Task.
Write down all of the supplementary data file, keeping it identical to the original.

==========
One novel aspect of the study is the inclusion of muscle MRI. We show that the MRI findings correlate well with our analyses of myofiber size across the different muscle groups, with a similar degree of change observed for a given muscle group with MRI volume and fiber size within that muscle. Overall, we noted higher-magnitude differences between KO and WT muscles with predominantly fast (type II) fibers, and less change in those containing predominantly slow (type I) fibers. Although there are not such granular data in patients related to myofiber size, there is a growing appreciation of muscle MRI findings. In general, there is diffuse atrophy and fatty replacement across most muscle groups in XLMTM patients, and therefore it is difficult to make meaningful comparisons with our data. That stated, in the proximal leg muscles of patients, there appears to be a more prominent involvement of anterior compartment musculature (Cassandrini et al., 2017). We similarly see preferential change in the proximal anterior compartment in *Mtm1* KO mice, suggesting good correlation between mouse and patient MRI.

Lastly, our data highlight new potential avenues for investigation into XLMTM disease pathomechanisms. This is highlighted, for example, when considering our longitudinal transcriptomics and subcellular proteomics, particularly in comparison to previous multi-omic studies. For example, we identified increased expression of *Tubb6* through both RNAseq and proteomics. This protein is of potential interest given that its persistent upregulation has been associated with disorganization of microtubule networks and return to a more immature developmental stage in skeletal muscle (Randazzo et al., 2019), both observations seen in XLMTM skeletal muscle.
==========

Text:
One novel aspect of the study is the inclusion of muscle MRI. We show that the MRI findings correlate well with our analyses of myofiber size across the different muscle groups, with a similar degree of change observed for a given muscle group with MRI volume and fiber size within that muscle. Overall, we noted higher-magnitude differences between KO and WT muscles with predominantly fast (type II) fibers, and less change in those containing predominantly slow (type I) fibers. Although there are not such granular data in patients related to myofiber size, there is a growing appreciation of muscle MRI findings. In general, there is diffuse atrophy and fatty replacement across most muscle groups in XLMTM patients, and therefore it is difficult to make meaningful comparisons with our data. That stated, in the proximal leg muscles of patients, there appears to be a more prominent involvement of anterior compartment musculature (Cassandrini et al., 2017). We similarly see preferential change in the proximal anterior compartment in *Mtm1* KO mice, suggesting good correlation between mouse and patient MRI.

Lastly, our data highlight new potential avenues for investigation into XLMTM disease pathomechanisms. This is highlighted, for example, when considering our longitudinal transcriptomics and subcellular proteomics, particularly in comparison to previous multi-omic studies. For example, we identified increased expression of *Tubb6* through both RNAseq and proteomics. This protein is of potential interest given that its persistent upregulation has been associated with disorganization of microtubule networks and return to a more immature developmental stage in skeletal muscle (Randazzo et al., 2019), both observations seen in XLMTM skeletal muscle.